At the price at which the Fulvia was sold, we think many buyers of the time probably expected leather seats and a carpeted floor, but instead the coupe had pvc seats and moulded rubber mats - at least the tools were neatly stowed inside the spare wheel. And there was no compromise in a French-polished wooden panel containing a large circular speedometer and rev counter with fuel level, oil pressure and temperature gauges between them. A red warning lamp was built into the fuel gauge to warn when the level was getting low.

The Lancia Fulvia Coupe
The Lancia Fulvia Coupe...

Stopping Power Unrivalled By Any Other Production Car Of The Era

In the Italian fashion, the steering wheel boss incorporated a centre button to flash the lamps, ringed by another one to sound the horns. The Fulvia was generously equipped with Dunlop disc brakes on all four wheels with the pads rubbing no less than 380 sq. in. of disc for every laden ton. We have checked through our records here at Unique Cars and Parts, and we believe such stopping power was probably unrivalled by any other production car of the era, and naturally the brakes were impeccable. Of course, if you disagree, there is a comments section at the end of the article. With servo assistance, pedal pressures were light, progressive and always reassuring. There was negligible fade during severe testing, and and several road testers noted there was no loss of efficiency at any time.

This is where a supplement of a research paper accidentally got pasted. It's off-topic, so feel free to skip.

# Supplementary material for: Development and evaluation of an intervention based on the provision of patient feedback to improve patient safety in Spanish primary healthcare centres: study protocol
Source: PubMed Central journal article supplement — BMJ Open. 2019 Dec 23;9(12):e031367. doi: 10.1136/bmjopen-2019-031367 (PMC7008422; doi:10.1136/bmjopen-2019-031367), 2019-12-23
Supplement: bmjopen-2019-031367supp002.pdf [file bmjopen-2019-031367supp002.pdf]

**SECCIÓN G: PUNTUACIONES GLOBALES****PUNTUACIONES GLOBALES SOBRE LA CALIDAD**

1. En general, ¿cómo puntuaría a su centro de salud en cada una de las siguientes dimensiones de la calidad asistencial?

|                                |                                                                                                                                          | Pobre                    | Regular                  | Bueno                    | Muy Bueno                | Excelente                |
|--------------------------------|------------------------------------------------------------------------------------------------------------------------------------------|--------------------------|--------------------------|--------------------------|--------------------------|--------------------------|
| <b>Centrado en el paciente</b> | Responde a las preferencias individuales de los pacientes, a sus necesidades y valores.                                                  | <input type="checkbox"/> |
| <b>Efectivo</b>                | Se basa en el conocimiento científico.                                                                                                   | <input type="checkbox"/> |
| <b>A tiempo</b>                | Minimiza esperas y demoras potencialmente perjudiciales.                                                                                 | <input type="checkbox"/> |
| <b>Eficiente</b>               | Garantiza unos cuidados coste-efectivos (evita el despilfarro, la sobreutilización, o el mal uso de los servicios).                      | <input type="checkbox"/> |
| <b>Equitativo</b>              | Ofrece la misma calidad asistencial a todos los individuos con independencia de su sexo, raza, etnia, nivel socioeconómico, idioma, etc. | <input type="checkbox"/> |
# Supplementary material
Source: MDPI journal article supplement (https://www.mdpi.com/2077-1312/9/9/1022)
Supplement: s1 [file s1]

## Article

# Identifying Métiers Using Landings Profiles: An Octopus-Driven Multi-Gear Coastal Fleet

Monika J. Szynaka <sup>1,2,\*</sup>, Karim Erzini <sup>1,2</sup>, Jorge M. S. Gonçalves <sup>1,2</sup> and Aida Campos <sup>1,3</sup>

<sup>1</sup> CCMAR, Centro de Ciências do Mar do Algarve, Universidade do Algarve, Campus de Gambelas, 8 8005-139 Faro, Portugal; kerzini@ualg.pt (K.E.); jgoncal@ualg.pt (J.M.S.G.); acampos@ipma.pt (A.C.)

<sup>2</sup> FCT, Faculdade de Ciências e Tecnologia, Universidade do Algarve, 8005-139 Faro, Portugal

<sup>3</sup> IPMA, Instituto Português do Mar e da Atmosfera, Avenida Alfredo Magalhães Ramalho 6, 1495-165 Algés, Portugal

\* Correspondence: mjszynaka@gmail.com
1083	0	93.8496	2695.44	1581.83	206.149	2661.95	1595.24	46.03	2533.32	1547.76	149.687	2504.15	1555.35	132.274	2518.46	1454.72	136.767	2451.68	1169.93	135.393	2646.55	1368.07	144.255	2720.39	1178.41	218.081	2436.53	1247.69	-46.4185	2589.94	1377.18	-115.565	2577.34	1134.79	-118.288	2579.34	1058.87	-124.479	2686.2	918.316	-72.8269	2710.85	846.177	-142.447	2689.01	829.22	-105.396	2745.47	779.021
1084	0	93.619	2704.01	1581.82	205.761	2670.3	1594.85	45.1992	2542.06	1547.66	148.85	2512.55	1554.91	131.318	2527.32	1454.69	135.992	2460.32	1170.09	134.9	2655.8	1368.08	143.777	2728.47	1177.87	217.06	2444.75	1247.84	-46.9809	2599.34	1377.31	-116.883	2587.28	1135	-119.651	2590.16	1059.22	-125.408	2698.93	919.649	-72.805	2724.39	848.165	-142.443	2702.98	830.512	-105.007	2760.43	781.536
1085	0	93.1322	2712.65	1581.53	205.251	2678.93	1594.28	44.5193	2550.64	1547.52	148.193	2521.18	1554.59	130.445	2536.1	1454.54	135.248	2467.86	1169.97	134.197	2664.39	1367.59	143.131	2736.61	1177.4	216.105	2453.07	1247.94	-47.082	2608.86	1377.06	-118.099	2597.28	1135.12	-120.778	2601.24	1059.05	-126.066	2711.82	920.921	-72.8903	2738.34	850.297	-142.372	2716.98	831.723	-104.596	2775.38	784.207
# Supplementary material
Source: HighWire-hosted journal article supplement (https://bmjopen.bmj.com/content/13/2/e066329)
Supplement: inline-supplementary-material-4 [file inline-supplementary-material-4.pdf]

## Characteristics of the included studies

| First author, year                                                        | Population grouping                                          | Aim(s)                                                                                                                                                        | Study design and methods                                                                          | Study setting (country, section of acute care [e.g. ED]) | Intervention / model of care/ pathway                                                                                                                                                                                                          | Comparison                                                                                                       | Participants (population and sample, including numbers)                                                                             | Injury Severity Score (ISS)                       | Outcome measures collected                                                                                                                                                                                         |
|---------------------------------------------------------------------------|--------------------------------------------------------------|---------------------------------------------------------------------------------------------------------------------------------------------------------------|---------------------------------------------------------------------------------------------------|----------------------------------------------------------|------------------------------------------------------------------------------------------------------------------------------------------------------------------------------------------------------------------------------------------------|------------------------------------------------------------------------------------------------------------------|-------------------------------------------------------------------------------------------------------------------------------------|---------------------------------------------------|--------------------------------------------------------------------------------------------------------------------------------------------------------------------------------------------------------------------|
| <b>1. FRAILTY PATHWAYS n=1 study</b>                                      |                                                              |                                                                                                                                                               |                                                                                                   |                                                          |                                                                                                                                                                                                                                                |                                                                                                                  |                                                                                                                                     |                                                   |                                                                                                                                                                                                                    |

Surprisingly for a car with rear discs and 64 per cent of its weight on the front wheels, the handbrake recorded 0·34g when used on its own from 30 m.p.h. It only just held the laden Fulvia on a 1-in-3 test hill and a restart was not possible because of the clutch slip mentioned earlier in this article. The position behind the wheel was typically "arm-stretch-Italian," but there was ample fore and aft seat adjustment for all shapes and sizes of driver and the backrest could be set at different angles as well. There were twin ventilation slits in each backrest, and a quick-release catch for tipping it forward. Headlamp dipping and the indicators were controlled by a single stalk on the steering column. Two un-labelled rocker switches in the centre of the panel operated single-speed wipers and the heater fan which we have found, on owners prepared to demonstrate, to be extremely noisy but vigorous.

Ventilation and heating on the Fulvia were disappointing. Two round handwheels below the facia controlled the air flow and temperature, while a separate lever regulated the rate of hot water circulation in the matrix. However, owners have told us there never seems to be enough air of any sort, even when the rear quarterlights are opened as extractors. Window misting is accordingly difficult to prevent in heavy rain; and the blower. Tiny cool-air nozzles at each end of the facia dont produce any noticeable breeze.